A richly informative investigation of a tragic episode.

Pub Date: N/A

ISBN: 978-1-935807-15-5

Page Count: 432

Publisher: Stansbury Publishing

Review Posted Online: April 26, 2019

Kirkus Reviews Issue: June 1, 2019

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Possibly inspired by the letters Cleary has received as a children's author, this begins with second-grader Leigh Botts' misspelled fan letter to Mr. Henshaw, whose fictitious book itself derives from the old take-off title Forty Ways W. Amuse a Dog. Soon Leigh is in sixth grade and bombarding his still-favorite author with a list of questions to be answered and returned by "next Friday," the day his author report is due. Leigh is disgruntled when Mr. Henshaw's answer comes late, and accompanied by a set of questions for Leigh to answer. He threatens not to, but as "Mom keeps nagging me about your dumb old questions" he finally gets the job done—and through his answers Mr. Henshaw and readers learn that Leigh considers himself "the mediumest boy in school," that his parents have split up, and that he dreams of his truck-driver dad driving him to school "hauling a forty-foot reefer, which would make his outfit add up to eighteen wheels altogether. . . . I guess I wouldn't seem so medium then." Soon Mr. Henshaw recommends keeping a diary (at least partly to get Leigh off his own back) and so the real letters to Mr. Henshaw taper off, with "pretend," unmailed letters (the diary) taking over. . . until Leigh can write "I don't have to pretend to write to Mr. Henshaw anymore. I have learned to say what I think on a piece of paper." Meanwhile Mr. Henshaw offers writing tips, and Leigh, struggling with a story for a school contest, concludes "I think you're right. Maybe I am not ready to write a story." Instead he writes a "true story" about a truck haul with his father in Leigh's real past, and this wins praise from "a real live author" Leigh meets through the school program. Mr. Henshaw has also advised that "a character in a story should solve a problem or change in some way," a standard juvenile-fiction dictum which Cleary herself applies modestly by having Leigh solve his disappearing lunch problem with a burglar-alarmed lunch box—and, more seriously, come to recognize and accept that his father can't be counted on. All of this, in Leigh's simple words, is capably and unobtrusively structured as well as valid and realistic. From the writing tips to the divorced-kid blues, however, it tends to substitute prevailing wisdom for the little jolts of recognition that made the Ramona books so rewarding.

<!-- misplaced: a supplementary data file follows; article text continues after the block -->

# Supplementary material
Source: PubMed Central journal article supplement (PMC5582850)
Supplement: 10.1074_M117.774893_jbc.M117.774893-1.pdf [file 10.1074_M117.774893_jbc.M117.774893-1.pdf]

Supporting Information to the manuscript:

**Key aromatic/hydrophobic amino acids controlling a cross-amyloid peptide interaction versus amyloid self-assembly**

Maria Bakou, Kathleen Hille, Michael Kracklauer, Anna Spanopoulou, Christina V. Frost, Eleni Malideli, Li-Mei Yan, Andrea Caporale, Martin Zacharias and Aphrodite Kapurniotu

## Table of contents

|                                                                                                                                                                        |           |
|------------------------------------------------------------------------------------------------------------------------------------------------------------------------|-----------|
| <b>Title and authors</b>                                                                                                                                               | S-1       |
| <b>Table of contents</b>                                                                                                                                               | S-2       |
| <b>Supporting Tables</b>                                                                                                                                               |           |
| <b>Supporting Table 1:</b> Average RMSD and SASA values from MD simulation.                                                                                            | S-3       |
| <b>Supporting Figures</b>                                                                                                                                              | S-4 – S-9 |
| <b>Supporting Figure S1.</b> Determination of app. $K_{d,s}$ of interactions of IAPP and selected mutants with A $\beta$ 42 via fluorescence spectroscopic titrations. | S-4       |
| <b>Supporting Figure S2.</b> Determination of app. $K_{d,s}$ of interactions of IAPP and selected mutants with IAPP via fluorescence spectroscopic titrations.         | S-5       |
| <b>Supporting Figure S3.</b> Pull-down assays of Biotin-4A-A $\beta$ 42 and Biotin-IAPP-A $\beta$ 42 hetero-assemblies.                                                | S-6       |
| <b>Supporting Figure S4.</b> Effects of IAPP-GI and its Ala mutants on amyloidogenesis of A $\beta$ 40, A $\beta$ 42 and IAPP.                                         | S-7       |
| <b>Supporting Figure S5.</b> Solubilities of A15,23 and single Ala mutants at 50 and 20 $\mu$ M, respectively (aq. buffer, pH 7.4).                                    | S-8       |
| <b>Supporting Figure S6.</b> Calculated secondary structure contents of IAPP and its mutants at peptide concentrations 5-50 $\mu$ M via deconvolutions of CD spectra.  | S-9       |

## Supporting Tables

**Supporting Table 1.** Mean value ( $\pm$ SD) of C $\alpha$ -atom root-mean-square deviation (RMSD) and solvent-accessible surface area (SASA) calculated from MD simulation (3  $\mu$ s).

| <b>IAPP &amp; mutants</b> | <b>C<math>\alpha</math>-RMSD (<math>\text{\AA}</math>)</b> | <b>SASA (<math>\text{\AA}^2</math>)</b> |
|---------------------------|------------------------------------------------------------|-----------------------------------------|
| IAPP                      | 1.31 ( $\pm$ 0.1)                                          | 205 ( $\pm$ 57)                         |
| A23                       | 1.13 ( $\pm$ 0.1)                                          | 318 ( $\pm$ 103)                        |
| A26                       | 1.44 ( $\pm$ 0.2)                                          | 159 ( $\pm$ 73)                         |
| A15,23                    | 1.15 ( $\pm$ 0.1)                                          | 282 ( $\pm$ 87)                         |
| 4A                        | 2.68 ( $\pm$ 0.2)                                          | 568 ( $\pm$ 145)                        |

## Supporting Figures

Pub Date: Aug. 22, 1983

ISBN: 143511096X

Page Count: 133

Publisher: Morrow/HarperCollins

Review Posted Online: Oct. 16, 2011

Kirkus Reviews Issue: Aug. 1, 1983

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Stricter than, say, Bergen Evans or W3 ("disinterested" means impartial — period), Strunk is in the last analysis...



Privately published by Strunk of Cornell in 1918 and revised by his student E. B. White in 1959, that "little book" is back again with more White updatings.

Stricter than, say, Bergen Evans or W3 ("disinterested" means impartial — period), Strunk is in the last analysis (whoops — "A bankrupt expression") a unique guide (which means "without like or equal").

Pub Date: May 15, 1972

ISBN: 0205632645

Page Count: 105

Publisher: Macmillan

Review Posted Online: Oct. 28, 2011

Kirkus Reviews Issue: May 1, 1972